Today in show business news: Bethenny Frankel's new talk show isn't doing so well, Sons of Anarchy is a huge hit though, and Downton Abbey gets ready to rule Britain all over again.
The rollercoaster that is reality star turned walking brand Bethenny Frankel's career may be heading for a drop. Her new talk show, called Bethenny for some mysterious reason, premiered on Monday to not-so-great numbers. And then, on Tuesday, it took another dip. As Deadline puts it, ratings-wise Bethenny "was off by a tenth in each category from its so-so premiere." That's not a good sign. It's not a terrible sign, some second-show dip was to be expected, it always is. But this can't continue. She needs some kind of bump or the future of her fledgling talk show may be seriously in trouble. If her show does get canceled, what comes next for Bethenny Frankel? Another Bravo show? Is she done with that whole road? The fact of the matter is, she probably doesn't need to do anything if she finds herself out of a job. She's made such a fortune off her margarita drinks that she could probably sit back, drink a few, and, I dunno, raise her kid in peace and quiet for the next twenty years. That's probably not what she wants to do, but she could. Which is nice! That is probably a nice option to have. To work solely because you want to. We should all be so lucky! [Deadline]
On the opposite end of the ratings spectrum, FX's Sons of Anarchy premiered its penultimate season last night and it was a boffo success. The show averaged 5.87 million viewers in its initial broadcast, with a strong showing in the all-important (meaning, the only ones who matter) 18-49 demographic. What's more is that, according to The Hollywood Reporter, once DVR and On Demand viewings and whatnot are factored in, "the network expects the episode will rank as the top-rated single telecast in FX history." In its sixth season! That is impressive. I guess people just really love this show. Funny that a network primarily aimed at dudes would have success with a series about a tough biker gang and their gnarly adventures. What about that premise appeals to men who watch Anger Management and Justified? I just don't get. (Though, to be fair, with shows like The Americans and American Horror Story flourishing on the network, it may be tough to argue that FX is still a network for guys. I mean, it's no Esquire Network.) Whatever the reason, Sons of Anarchy is a big deal for the network. Too bad it's ending next year. Maybe a spin-off is in order? [The Hollywood Reporter]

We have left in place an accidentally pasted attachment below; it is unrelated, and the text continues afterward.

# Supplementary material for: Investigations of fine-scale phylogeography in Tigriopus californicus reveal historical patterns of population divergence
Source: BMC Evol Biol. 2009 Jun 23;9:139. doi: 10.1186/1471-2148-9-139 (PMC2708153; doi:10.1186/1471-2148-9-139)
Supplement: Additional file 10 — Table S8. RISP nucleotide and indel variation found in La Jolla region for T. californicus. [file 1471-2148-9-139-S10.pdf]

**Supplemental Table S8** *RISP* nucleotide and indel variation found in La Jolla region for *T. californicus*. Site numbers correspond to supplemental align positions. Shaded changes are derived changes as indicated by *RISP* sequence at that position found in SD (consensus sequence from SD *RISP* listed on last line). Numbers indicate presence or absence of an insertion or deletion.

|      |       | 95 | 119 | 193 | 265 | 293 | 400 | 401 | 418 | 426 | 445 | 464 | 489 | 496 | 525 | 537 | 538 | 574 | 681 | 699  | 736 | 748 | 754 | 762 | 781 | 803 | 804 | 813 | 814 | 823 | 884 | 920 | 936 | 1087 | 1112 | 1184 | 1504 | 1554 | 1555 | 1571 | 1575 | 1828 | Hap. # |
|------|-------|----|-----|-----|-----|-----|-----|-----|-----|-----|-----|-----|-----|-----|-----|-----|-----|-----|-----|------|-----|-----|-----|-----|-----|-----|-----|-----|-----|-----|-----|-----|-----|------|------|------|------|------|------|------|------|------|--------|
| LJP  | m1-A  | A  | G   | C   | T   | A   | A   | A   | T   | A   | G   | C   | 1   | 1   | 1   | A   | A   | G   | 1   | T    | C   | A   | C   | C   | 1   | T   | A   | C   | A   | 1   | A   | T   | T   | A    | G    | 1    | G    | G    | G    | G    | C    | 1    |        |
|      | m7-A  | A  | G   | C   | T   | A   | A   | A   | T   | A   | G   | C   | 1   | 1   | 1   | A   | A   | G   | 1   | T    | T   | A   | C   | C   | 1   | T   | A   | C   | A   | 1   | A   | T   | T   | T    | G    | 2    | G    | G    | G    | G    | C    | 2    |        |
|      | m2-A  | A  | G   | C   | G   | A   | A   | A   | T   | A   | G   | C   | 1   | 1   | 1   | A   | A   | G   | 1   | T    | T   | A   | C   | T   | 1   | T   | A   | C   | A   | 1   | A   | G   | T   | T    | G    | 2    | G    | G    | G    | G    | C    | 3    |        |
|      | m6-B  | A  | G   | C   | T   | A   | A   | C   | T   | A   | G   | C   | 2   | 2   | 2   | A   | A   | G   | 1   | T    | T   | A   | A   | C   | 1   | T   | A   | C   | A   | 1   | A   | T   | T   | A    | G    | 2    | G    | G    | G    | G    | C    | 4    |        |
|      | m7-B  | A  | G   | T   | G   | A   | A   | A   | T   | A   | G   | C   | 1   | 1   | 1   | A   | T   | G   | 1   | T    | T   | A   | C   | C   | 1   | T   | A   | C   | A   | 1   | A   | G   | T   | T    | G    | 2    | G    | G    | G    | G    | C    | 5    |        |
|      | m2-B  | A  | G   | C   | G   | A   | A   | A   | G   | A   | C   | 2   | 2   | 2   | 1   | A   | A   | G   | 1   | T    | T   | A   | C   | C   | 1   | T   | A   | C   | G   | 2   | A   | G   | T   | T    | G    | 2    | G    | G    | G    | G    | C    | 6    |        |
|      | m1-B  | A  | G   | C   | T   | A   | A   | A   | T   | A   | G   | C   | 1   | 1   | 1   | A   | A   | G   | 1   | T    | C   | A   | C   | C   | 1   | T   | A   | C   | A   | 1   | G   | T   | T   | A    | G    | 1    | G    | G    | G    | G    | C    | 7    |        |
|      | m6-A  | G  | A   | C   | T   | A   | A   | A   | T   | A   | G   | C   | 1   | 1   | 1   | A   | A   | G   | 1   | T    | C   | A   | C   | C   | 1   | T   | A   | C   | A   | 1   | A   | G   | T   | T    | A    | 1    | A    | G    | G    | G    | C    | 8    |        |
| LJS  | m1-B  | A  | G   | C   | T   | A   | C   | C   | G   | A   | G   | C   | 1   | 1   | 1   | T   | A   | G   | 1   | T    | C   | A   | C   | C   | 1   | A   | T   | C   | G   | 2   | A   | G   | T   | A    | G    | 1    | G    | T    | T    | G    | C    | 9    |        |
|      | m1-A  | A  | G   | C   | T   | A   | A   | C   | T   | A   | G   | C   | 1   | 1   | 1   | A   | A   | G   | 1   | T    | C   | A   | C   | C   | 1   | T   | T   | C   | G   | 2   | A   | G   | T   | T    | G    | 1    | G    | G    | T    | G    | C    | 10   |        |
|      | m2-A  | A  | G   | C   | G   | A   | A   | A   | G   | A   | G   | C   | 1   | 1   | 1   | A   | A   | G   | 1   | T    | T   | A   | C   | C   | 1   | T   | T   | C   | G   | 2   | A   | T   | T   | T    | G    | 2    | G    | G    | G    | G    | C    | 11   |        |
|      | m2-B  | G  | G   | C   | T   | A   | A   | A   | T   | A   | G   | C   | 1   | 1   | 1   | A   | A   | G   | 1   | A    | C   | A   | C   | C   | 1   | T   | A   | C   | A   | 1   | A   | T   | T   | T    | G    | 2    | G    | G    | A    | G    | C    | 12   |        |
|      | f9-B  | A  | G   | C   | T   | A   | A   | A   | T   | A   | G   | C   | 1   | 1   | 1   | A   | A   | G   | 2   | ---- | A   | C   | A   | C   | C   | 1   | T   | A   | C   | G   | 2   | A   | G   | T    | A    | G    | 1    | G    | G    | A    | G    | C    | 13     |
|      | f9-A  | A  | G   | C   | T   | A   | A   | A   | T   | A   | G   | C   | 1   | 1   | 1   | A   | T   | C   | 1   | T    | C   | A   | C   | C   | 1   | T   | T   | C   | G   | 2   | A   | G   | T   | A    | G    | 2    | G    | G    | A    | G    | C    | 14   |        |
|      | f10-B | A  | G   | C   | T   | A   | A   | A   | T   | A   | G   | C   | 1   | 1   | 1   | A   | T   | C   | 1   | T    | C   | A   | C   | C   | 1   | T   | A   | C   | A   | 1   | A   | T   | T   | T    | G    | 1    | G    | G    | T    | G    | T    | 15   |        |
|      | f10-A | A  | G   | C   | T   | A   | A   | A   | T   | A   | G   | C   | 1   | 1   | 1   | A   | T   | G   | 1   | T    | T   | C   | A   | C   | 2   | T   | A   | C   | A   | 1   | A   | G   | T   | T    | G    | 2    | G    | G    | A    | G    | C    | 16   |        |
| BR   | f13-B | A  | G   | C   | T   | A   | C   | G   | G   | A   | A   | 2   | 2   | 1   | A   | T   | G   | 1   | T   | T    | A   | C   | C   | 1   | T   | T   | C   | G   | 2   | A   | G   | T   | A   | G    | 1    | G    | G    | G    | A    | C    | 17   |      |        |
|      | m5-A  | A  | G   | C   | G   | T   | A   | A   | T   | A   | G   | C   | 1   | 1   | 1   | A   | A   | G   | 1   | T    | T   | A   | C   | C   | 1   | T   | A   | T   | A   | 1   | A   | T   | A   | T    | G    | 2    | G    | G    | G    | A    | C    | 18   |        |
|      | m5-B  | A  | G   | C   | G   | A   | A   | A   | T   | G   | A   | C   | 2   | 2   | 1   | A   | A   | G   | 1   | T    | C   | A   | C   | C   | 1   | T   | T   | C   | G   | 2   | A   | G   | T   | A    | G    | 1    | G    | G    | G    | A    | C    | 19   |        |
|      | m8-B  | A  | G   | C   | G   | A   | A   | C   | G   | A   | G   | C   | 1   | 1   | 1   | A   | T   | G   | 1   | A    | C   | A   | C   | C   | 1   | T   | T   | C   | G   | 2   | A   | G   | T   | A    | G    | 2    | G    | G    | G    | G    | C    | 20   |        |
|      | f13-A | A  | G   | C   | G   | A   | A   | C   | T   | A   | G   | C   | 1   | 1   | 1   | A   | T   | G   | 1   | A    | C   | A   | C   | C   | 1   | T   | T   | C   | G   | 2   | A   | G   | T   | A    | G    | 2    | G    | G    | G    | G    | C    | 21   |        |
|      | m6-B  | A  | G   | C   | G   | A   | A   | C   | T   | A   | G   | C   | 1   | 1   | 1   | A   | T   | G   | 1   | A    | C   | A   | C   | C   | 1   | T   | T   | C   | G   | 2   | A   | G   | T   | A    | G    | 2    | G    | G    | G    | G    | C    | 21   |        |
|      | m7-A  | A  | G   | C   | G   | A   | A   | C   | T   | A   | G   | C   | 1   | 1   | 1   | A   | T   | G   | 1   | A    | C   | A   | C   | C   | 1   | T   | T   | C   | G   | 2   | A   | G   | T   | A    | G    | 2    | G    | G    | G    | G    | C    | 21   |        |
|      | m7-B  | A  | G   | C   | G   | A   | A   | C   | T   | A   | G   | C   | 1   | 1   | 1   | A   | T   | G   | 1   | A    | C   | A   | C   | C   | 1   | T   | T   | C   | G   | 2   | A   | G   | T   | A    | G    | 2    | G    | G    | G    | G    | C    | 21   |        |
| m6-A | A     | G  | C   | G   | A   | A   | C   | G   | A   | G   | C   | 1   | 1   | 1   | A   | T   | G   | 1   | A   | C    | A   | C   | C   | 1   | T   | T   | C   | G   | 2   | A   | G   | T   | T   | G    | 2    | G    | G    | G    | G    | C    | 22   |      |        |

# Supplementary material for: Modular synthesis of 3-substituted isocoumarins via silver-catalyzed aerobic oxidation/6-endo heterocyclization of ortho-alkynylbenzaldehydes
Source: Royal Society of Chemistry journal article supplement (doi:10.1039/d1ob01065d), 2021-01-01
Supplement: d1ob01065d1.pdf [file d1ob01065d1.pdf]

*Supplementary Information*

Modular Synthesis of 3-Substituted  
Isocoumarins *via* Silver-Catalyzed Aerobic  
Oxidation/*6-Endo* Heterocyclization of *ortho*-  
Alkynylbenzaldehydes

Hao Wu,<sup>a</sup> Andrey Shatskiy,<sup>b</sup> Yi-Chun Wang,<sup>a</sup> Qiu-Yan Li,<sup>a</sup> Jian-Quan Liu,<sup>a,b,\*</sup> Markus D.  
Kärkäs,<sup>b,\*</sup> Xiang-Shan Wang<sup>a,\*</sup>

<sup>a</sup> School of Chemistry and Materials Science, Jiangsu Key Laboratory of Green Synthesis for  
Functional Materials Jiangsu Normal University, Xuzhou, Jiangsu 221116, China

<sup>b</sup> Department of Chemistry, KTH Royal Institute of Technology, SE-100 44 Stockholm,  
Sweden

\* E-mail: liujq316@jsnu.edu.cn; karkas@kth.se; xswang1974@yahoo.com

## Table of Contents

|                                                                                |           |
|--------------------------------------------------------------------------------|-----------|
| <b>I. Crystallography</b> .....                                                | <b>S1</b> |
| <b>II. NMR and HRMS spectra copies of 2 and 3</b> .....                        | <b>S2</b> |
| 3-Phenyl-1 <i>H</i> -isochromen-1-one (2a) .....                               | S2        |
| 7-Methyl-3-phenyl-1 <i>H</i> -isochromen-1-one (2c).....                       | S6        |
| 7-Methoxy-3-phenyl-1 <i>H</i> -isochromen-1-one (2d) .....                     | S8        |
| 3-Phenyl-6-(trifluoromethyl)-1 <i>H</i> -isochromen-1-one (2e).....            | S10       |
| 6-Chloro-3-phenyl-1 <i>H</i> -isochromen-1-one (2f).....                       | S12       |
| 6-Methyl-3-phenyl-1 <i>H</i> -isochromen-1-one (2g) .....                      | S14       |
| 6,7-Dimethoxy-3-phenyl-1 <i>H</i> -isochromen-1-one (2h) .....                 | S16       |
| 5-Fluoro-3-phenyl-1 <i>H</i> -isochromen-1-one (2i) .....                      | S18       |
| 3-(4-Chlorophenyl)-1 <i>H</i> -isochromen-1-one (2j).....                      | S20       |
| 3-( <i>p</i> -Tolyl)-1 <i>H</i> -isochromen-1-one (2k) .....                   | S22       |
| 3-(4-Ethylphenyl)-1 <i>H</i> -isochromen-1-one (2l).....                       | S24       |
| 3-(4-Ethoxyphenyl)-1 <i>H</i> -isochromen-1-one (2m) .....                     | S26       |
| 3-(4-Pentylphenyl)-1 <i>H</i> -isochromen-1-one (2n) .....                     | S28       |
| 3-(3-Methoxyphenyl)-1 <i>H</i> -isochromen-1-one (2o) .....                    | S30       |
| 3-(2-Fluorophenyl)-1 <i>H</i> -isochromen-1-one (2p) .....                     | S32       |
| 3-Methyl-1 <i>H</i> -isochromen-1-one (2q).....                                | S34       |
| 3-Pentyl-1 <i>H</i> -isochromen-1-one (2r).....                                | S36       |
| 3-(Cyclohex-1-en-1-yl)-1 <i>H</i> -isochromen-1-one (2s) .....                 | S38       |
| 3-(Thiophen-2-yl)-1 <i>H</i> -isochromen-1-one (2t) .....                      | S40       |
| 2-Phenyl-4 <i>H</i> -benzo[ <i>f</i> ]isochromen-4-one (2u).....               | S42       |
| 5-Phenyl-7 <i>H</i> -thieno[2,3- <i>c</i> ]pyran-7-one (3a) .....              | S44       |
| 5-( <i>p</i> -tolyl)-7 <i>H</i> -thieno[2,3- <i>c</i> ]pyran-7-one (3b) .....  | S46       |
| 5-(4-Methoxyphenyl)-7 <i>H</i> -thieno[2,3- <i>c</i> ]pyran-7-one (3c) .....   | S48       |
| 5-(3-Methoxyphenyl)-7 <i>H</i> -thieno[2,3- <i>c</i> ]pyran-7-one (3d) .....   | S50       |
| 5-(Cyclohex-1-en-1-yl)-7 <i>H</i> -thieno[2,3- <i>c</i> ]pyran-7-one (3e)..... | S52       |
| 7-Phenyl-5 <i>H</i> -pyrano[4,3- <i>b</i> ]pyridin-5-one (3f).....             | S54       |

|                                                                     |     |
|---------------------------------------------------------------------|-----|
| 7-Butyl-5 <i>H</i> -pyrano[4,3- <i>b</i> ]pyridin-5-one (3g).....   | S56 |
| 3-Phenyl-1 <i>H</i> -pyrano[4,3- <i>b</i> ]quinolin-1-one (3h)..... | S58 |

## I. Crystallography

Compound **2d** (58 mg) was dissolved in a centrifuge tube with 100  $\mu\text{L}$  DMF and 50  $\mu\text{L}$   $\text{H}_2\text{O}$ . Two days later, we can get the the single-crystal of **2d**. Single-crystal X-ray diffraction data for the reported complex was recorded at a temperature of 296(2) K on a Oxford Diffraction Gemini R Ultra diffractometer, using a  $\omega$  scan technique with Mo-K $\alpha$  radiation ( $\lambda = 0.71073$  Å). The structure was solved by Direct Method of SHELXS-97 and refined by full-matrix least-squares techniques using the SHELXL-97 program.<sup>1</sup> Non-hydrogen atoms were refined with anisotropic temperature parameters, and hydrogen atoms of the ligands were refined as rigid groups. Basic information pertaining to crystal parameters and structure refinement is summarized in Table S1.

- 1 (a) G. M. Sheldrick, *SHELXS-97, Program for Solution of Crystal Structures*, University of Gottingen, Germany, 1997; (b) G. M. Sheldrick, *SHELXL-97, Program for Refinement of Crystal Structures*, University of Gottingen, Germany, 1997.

Speaking of cultishly watched shows, we now know when it will be time to block all your British friends on Twitter and Facebook and, I don't know, Habbo? (I hope for your sake you don't have any friends on Habbo, or have Habbo at all.) The date is September 22. That's when ITV will debut the fourth season of Downton Abbey in Britain, meaning you can either figure out some illegal download or cover your ears and go la-la-la-la until the show premieres on PBS in January. It's hard to endure the wait, so we wish you luck. Though, all you have to do is ignore all of Britain. How hard can that be? You didn't pay attention to Girls Aloud, so now just don't pay attention to this. You can do it! [Deadline]
Speaking of Downton Abbey, one of that show's stars has landed a plum movie role. Jessica Brown Findlay, who [SPOILER ALERT SPOILER ALERT SPOILER ALERT] played Lady Sybil on the show until she croaked last season, will play the female lead in Frankenstein, a new version of the tale told from Igor's perspective. Brown Findlay will play a trapeze artist who is rescued by Daniel Radcliffe's Igor and the two grow close. James McAvoy is playing Dr. Frankenstein, while Austin Mahone is currently in talks to play the monster. (No, just kidding, but you should post that on Habbo to freak all your friends out.) [The Hollywood Reporter]
And speaking of British drama, ABC has bought a pitch for a show about "a regular girl who falls in love with the heir of a political dynasty, becoming a modern-day princess. But what seems like a fairytale quickly unravels. The plot echoes the real-life story of Britain’s Princess Diana." Oh my. And after the warm reception Diana got just last week. What good timing! Look, this good be interesting, something like the strange and canceled-too-soon Kings, or it could be a disaster, like, well, Diana. We'll have to wait and see. [Deadline]
This article is from the archive of our partner The Wire.
We want to hear what you think about this article. Submit a letter to the editor or write to email@example.com.